Zuckerman says he will be looking into whether Romanian speakers will challenge the information spread in English-language updates, as well as whether good or bad nuggets of information spread more quickly.

    How to: Track a conversation in Twitter

    Twitter is increasingly being used by journalists to make contacts and track news events, but the Twitter user-interface (UI) itself is pretty limited making it difficult to track conversations. Fortunately its open API structure and the ability to subscribe to various types of RSS feeds from Twitter means there are a number of ways to track a ‘buzz’ around an event or specific conversations.

    Hashtags are one way to identify conversations based around particular subjects or events. If you don’t already use them, you might have at least seen them being used by others in your network. Basically it’s a keyword that you use in your Twitter post to associate it with a group, topic, or event. For example, every Monday night there is debate on Twitter ‘hosted’ under the hashtag #journchat, aimed at public relations professionals and journalists. If you consider that an unholy mix, then there is a tag just for journalists #journ plus other, less popular, variants such as #mediachat and #journalism.

    Another common usage for hashtags is at events. For example, our senior reporter Laura Oliver recently attended the Oxford Media Convention and was one of several journalists Twittering using the hashtag #omc09 (Journalism.co.uk has a dedicated Twitter channel for live event coverage – @journalism_live).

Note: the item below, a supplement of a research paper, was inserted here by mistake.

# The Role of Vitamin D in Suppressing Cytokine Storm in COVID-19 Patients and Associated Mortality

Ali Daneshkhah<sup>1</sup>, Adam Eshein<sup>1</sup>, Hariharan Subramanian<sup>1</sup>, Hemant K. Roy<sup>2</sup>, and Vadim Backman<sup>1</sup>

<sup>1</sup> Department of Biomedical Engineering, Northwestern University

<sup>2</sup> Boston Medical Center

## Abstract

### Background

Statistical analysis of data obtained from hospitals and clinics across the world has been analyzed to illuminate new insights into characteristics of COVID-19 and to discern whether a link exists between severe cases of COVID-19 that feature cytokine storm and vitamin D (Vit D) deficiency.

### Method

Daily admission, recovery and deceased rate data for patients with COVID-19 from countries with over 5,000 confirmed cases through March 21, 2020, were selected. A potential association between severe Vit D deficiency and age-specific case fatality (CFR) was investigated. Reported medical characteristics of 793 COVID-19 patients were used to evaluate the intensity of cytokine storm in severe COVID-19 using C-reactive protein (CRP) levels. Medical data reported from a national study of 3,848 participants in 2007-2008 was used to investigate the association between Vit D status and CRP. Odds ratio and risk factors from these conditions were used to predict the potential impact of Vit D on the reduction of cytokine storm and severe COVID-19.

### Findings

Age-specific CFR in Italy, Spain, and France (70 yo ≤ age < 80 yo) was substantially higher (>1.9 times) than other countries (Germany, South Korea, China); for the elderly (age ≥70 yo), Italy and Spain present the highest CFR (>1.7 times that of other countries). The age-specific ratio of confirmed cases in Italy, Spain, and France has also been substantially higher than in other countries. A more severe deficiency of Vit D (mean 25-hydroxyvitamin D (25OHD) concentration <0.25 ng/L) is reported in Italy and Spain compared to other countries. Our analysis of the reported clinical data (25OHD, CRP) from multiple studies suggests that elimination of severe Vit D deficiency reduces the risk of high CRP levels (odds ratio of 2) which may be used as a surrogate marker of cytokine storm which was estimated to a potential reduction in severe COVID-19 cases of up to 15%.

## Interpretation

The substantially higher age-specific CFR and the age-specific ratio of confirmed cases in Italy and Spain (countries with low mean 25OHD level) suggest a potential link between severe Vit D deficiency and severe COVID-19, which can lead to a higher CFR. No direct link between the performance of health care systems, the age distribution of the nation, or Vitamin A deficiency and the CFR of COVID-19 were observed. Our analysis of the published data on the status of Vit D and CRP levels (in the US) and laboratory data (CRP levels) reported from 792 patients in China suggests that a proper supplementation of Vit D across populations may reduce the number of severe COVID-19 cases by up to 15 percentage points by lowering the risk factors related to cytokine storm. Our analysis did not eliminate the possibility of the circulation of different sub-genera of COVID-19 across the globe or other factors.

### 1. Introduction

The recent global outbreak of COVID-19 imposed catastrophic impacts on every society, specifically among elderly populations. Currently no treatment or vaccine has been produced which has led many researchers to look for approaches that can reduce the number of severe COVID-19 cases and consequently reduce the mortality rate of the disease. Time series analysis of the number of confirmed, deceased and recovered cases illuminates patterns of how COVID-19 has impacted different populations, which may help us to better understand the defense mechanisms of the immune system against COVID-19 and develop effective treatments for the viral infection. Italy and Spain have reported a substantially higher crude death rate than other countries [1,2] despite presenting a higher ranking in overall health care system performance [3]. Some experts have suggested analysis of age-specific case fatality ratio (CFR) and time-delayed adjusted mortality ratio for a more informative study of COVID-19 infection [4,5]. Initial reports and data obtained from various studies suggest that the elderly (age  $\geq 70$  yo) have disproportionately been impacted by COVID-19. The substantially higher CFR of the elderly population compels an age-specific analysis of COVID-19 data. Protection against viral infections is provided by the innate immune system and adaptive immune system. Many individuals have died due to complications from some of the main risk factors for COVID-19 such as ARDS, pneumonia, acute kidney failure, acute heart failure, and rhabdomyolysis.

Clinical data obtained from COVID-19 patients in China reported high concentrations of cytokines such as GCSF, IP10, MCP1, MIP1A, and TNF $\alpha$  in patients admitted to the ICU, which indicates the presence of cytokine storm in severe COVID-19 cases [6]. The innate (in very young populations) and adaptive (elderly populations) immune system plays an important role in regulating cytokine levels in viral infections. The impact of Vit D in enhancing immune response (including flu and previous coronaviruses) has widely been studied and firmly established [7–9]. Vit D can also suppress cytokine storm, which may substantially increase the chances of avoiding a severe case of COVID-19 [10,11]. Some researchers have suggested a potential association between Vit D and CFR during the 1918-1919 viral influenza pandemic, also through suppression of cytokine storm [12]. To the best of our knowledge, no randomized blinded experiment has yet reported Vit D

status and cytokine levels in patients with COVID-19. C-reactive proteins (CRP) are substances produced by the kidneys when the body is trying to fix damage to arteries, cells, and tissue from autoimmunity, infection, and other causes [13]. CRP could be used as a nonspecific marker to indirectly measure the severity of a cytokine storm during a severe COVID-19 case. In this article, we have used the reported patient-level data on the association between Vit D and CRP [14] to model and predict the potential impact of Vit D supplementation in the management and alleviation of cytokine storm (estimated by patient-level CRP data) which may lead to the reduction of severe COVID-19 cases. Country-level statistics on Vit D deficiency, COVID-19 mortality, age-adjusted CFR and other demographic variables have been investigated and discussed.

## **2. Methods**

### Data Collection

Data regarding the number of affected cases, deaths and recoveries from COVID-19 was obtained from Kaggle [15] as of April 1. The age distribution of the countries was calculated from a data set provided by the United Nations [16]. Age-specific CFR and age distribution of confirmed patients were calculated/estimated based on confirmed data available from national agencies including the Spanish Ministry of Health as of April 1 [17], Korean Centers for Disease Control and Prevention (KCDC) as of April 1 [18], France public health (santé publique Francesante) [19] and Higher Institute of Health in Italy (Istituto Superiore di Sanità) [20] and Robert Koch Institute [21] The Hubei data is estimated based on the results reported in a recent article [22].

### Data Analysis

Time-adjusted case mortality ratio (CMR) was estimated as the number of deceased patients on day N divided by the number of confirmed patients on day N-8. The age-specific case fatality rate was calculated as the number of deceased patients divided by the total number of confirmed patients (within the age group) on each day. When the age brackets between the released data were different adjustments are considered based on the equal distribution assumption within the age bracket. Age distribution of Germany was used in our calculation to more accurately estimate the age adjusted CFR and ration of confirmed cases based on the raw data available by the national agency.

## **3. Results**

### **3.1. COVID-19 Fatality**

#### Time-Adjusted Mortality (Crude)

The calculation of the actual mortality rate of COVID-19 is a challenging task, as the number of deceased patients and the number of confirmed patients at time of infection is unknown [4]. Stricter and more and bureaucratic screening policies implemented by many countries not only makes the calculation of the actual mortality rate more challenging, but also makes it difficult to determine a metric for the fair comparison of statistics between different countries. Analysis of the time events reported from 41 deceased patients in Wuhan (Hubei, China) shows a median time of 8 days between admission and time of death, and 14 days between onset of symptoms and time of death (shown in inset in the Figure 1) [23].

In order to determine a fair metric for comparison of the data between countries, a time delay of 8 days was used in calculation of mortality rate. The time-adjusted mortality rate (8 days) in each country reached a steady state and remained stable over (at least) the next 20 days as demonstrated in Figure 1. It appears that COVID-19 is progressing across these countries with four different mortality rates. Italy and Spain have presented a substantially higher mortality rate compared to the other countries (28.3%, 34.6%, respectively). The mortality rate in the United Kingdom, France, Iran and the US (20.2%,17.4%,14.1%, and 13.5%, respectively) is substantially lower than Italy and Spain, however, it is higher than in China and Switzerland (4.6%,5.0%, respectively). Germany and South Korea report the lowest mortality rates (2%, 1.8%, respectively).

So if you want to monitor posts with those hashtags, one simple way is to create an RSS feed based on a keyword search of Twitter or, better still, Twemes. But there are also a number of other tools you can use to track conversations.

    Tools:

    TweetDeck – This desktop application (still in beta) enables you to split all the Tweets you receive into topic or group specific columns. The default columns can contain all tweets from your timeline, @replies directed to you and direct messages. You can also make up additional, live-updating columns using the ‘group’ (to create a sub-group of just your favourite Twitterers, for example), ‘search’ and ‘replies’ buttons. You can also filter each column to include or exclude items based on keywords or users. Unfortunately it does not support multiple Twitter accounts (otherwise I would definitely prefer it as my main Twitter client to Twhirl).